Butter or margarine?

KRT FOOD STORY SLUGGED: BUTTER KRT PHOTO BY RALPH LAUER/FORT WORTH STAR-TELEGRAM (DALLAS OUT) (December 17) After a long period of being out of style in favor of margarine, butter is coming back into popularity with home cooks. (FT) NC KD 2001 (Vert) (gsb)
KRT FOOD STORY SLUGGED: BUTTER KRT PHOTO BY RALPH LAUER/FORT WORTH STAR-TELEGRAM (DALLAS OUT) (December 17) After a long period of being out of style in favor of margarine, butter is coming back into popularity with home cooks. (FT) NC KD 2001 (Vert) (gsb)



A friend called with a valid question that many of us wonder -- should she choose butter or margarine? Which is a healthier choice?

It's a hot topic debate that has been battled over the decades. Some claim that margarine is a heart healthy alternative to butter, while others claim that margarine is not "natural," and therefore should not be eaten.

Social media is full of concerns that "margarine is one molecule away from plastic" theory. It's true that margarine shares a similar chemical structure to plastic. However, many substances share similar chemical propositions and substances, but even the slightest variation will completely alter the end product. The slight differences in the chemical makeup of margarine and plastic lead to two totally different products. Don't let this margarine myth steer you away from margarine; it is not backed up by science, says Jenna Smith, nutrition educator with the University of Illinois Extension Service.

Margarine is made from vegetable oils, so it contains unsaturated "good" fats -- polyunsaturated and monounsaturated fats. These types of fats help reduce low-density lipoprotein (LDL), or "bad," cholesterol when substituted for saturated fat.

Butter is a dairy product made by churning milk or cream, and is made up of animal fat, which has dietary cholesterol and saturated fat, which can lead to heart problems if eaten in excess.

It used to be that margarine still wasn't the greatest alternative to butter because margarine had trans fats, which are just as bad, if not worse, than saturated fats. However, the good news is that many brands have eliminated trans fats from their products. In general, the more solid the margarine, the more trans fat it contains. So stick margarines usually have more trans fat than tub margarines do. Trans fat, like saturated fat, increases blood cholesterol levels and the risk of heart disease. In addition, trans fat lowers high-density lipoprotein (HDL), or "good," cholesterol levels. Look for a spread that doesn't have trans fats and has the least amount of saturated fat. When comparing spreads, be sure to read the Nutrition Facts panel and check the grams of saturated fat and trans fat. Limit the amount you use to limit the calories.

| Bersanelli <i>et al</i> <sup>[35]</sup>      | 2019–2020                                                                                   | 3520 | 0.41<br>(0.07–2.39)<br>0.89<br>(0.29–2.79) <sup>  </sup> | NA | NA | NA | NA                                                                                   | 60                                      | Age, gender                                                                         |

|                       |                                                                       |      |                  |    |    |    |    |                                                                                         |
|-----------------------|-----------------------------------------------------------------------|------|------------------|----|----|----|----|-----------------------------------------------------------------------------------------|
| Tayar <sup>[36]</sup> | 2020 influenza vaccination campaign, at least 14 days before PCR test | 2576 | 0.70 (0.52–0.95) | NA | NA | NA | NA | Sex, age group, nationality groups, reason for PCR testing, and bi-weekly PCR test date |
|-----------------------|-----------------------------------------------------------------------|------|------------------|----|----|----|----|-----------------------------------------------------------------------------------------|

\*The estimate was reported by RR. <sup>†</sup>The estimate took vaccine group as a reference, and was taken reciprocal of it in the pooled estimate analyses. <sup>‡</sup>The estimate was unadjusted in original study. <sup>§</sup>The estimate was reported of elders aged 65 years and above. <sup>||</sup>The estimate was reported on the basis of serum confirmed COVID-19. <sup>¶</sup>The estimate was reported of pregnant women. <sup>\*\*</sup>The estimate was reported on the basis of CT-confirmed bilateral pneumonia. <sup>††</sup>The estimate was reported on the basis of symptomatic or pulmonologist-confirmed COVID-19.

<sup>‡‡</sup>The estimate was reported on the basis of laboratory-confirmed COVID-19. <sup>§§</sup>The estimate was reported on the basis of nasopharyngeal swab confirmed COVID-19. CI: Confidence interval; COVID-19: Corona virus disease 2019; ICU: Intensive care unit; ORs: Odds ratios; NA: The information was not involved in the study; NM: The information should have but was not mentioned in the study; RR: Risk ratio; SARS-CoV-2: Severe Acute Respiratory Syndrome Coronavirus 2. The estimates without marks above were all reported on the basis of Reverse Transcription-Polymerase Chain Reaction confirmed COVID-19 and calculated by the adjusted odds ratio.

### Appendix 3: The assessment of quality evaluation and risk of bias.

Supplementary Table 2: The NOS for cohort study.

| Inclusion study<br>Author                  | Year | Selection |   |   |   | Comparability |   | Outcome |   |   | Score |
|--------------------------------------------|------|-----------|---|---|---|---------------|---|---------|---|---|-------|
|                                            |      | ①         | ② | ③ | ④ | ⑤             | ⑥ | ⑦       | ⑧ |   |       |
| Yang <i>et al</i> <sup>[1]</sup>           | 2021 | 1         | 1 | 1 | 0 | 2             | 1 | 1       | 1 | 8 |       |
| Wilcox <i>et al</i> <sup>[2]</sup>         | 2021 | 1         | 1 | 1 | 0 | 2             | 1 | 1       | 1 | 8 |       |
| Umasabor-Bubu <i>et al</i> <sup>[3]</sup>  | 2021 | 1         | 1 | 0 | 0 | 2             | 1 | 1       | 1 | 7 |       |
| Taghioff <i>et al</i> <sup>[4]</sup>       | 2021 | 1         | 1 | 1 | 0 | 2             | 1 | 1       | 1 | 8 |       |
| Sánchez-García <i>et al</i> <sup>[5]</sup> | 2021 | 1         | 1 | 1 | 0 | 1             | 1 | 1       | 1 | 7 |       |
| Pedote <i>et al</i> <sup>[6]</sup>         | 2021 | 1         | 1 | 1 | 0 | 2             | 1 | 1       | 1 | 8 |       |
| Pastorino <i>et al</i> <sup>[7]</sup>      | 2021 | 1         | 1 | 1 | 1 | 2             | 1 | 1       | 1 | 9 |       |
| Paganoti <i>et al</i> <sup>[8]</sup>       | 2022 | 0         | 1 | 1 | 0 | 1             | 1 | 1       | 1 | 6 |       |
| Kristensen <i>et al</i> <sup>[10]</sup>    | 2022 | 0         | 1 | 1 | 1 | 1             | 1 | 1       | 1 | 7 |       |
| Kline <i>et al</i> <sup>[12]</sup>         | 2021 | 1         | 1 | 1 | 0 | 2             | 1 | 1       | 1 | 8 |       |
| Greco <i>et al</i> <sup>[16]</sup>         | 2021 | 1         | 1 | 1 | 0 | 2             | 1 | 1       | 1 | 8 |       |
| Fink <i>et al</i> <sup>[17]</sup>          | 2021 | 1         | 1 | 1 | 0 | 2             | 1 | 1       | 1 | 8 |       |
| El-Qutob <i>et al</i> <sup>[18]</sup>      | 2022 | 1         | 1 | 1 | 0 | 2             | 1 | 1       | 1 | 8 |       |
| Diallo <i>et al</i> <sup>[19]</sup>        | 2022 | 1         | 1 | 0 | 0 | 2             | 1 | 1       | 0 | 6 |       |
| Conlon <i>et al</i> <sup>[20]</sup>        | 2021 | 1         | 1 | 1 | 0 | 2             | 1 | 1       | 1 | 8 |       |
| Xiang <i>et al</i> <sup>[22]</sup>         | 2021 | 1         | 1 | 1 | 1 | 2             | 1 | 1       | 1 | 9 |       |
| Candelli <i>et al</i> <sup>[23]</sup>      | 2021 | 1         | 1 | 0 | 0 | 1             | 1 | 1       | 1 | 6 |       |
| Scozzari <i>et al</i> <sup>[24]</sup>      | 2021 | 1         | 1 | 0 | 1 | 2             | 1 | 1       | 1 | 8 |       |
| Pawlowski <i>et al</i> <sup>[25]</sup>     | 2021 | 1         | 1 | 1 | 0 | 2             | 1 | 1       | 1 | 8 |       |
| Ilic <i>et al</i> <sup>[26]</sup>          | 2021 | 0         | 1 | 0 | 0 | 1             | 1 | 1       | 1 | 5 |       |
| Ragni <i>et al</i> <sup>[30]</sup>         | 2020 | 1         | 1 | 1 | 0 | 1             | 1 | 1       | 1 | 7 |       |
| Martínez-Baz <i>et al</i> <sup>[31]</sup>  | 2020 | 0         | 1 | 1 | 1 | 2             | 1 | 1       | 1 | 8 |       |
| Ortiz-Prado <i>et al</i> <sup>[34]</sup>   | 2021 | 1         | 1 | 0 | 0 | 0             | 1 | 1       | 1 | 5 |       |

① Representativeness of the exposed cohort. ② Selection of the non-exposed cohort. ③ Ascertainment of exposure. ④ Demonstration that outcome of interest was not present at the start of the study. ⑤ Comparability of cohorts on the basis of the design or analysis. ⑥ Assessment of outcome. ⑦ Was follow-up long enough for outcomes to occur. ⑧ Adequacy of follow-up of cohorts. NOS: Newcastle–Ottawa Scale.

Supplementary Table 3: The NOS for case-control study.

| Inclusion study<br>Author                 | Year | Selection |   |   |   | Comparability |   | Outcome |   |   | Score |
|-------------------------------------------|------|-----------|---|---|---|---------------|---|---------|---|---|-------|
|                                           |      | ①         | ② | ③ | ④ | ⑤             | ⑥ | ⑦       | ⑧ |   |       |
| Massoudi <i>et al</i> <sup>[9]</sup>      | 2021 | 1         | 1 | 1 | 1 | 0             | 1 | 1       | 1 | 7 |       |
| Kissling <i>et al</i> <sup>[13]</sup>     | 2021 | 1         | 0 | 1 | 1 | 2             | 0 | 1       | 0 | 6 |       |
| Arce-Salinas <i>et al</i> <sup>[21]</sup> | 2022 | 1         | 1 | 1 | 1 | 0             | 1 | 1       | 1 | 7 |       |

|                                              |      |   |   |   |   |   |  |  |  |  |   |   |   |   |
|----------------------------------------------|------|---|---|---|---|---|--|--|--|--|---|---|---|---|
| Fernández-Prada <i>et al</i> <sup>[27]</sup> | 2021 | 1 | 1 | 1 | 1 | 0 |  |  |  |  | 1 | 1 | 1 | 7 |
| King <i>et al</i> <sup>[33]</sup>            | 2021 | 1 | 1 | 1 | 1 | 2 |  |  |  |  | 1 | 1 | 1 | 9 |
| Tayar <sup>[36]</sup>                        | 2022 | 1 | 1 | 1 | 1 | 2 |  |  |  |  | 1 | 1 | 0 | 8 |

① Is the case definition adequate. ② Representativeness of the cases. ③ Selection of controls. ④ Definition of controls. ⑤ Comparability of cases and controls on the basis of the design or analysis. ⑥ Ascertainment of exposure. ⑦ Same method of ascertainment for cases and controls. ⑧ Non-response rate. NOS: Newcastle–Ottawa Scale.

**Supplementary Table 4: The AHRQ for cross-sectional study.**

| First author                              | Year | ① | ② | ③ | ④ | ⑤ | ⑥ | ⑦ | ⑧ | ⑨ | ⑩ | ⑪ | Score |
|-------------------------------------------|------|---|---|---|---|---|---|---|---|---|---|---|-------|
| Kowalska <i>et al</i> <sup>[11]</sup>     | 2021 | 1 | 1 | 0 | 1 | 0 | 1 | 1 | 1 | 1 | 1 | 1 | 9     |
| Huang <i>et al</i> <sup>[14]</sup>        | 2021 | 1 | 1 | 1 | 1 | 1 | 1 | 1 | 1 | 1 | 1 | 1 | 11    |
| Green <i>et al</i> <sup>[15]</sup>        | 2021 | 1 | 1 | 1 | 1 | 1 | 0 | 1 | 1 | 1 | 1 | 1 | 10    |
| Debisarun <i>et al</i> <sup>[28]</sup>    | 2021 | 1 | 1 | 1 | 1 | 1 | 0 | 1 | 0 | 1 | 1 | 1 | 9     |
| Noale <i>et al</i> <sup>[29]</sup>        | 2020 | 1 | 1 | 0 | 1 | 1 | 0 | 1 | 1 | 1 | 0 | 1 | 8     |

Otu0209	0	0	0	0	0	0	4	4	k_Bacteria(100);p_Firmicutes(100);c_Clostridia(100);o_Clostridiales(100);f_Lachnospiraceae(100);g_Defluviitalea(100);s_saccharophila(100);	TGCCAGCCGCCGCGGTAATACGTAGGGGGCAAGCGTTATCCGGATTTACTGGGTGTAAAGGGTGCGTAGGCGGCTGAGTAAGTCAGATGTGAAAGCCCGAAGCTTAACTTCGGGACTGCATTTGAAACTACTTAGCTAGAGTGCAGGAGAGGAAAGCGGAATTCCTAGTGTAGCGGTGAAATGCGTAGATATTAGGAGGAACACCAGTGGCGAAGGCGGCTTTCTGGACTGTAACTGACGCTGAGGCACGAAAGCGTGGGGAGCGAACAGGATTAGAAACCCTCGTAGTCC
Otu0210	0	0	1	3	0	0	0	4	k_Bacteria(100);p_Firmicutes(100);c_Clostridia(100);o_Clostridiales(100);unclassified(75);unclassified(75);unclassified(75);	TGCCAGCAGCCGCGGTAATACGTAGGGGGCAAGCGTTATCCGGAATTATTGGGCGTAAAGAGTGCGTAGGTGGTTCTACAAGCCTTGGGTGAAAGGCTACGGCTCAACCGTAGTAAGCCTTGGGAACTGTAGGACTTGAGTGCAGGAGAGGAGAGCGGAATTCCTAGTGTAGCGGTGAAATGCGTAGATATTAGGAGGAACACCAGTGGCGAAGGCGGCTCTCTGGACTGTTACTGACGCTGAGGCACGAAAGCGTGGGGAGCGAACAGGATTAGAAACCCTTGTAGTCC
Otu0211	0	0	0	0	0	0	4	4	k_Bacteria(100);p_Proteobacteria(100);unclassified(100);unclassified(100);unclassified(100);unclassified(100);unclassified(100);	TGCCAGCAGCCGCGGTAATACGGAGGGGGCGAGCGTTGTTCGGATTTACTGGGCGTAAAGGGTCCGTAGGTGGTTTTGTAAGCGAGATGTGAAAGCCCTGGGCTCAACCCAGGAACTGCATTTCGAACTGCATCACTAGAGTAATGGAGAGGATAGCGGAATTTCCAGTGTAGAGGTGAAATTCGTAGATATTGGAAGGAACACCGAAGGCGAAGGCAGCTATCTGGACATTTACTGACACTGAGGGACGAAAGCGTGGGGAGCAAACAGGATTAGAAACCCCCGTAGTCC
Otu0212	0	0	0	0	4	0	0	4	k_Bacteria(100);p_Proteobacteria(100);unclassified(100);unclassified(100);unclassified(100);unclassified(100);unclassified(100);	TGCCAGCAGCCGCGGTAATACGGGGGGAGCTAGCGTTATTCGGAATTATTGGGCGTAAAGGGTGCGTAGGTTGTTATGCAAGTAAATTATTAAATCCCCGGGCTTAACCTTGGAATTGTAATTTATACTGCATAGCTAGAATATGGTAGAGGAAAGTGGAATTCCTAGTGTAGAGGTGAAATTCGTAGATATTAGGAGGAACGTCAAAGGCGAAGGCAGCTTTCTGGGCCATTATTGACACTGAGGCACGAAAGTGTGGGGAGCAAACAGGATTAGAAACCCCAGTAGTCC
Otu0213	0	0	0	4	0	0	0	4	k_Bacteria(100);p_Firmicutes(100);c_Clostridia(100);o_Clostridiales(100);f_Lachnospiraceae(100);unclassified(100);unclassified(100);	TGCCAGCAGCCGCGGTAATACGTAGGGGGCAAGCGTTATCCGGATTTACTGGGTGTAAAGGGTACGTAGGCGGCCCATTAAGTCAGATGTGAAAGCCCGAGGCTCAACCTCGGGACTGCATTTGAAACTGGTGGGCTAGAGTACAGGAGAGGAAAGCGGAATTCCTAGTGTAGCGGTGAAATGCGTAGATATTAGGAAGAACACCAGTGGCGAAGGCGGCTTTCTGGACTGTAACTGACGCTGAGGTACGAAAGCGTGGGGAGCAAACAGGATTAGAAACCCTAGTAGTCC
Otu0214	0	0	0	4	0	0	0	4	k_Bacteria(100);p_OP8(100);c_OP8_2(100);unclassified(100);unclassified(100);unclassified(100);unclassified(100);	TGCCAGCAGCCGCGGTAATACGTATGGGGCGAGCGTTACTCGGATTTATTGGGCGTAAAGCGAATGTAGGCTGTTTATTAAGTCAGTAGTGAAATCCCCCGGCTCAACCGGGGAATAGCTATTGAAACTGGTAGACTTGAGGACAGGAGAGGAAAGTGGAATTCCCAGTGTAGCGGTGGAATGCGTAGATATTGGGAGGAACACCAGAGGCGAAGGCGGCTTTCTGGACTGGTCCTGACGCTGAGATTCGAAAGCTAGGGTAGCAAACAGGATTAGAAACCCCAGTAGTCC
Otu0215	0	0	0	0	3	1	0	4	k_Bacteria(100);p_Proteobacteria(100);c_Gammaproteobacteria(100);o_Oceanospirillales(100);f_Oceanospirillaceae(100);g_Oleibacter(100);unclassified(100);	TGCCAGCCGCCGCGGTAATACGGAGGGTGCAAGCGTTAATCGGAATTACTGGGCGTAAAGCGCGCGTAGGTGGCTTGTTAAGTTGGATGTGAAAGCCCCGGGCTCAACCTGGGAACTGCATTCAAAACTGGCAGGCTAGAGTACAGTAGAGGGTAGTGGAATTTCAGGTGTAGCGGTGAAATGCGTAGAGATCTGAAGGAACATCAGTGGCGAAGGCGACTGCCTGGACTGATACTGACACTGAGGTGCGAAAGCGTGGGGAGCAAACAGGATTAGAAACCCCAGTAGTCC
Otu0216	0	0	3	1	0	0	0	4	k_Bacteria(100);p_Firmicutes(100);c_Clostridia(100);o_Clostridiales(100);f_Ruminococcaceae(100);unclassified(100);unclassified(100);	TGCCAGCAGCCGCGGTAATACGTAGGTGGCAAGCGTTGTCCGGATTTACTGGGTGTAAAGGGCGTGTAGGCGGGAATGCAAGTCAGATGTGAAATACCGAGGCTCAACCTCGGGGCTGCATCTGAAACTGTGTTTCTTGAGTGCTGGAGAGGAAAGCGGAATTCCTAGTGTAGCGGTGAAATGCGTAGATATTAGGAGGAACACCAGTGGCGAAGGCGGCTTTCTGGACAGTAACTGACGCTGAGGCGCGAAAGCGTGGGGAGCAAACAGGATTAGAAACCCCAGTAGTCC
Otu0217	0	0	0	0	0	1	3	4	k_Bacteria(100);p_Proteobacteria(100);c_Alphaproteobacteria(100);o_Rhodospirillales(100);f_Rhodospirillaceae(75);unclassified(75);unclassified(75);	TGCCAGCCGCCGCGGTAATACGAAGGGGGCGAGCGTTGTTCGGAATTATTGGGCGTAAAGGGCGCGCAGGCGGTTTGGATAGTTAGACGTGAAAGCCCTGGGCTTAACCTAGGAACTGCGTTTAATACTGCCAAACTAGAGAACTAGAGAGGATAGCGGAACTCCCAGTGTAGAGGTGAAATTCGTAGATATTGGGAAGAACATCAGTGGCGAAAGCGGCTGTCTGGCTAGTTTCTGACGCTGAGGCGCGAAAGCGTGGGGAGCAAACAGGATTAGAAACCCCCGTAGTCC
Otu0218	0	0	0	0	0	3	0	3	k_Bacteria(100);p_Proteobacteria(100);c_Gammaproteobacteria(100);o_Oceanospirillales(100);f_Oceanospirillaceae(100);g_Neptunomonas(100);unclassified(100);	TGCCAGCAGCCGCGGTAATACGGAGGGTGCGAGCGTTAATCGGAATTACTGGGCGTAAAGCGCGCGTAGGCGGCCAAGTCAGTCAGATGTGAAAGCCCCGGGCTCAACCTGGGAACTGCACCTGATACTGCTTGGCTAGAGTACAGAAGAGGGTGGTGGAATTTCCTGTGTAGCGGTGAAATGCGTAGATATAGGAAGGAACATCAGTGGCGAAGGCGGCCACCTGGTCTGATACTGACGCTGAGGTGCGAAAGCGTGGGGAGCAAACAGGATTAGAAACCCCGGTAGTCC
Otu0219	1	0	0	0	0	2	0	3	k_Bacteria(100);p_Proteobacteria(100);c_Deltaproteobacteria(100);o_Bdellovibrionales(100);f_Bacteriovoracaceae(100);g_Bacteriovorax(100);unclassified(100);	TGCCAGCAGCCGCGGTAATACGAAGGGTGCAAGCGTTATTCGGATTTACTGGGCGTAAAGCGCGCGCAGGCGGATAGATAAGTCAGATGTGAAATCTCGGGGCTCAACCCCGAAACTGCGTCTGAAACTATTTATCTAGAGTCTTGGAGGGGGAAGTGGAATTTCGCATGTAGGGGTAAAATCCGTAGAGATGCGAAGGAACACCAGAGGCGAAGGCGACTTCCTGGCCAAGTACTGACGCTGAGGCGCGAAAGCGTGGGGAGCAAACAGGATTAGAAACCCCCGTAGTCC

The bottom line? Choose either one in moderation. Margarine without trans fats is the healthier choice, but if you prefer butter, decrease your saturated fat intake with other animal products, and be mindful about how much butter you are using. Butter lovers could also try whipped butter, which adds air but has fewer calories making it a spreadable option.

If you have high cholesterol, check with your doctor about using spreads that are fortified with plant stanols and sterols, such as Benecol and Promise Activ, which may help reduce cholesterol levels.

Q and A: 

Q: I heard that drinking coffee can cause calcium loss from the body. Is that true?

A: Caffeine, one component of coffee, is the focus of concern (since it may slightly increase calcium excretion). Research suggests this primarily may be relevant in people who don't meet their RDA for calcium. Researchers recently reviewed the science on caffeine and bone health in Food and Chemical Toxicology. They found that moderate caffeine intake (less than 400 mg per day, which is equivalent to nor more than four 8-ounce servings of regular coffee), regardless of the source, was associated with little effect on calcium balance or bone health in healthy adults, particularly if they were consuming enough calcium. In an observational study that looked specifically at high coffee intake (4 or more cups daily) versus a low intake (less than 1 cup daily), a high intake was associated with a 2 to 4 percent lower bone density compared to a low intake. But, this did not translate into an increased risk of bone fracture. The study was published in the American Journal of Epidemiology. Keep in mind, most of the evidence on this topic is observational and further research is needed. Whether or not you drink a couple of cups of coffee (or other caffeine-containing beverages) daily, it's important to make sure you're meeting your calcium needs. The calcium RDA for adults is 1,000-1,200 mg per day, based on age and sex. -- Tufts University Health & Wellness Letter.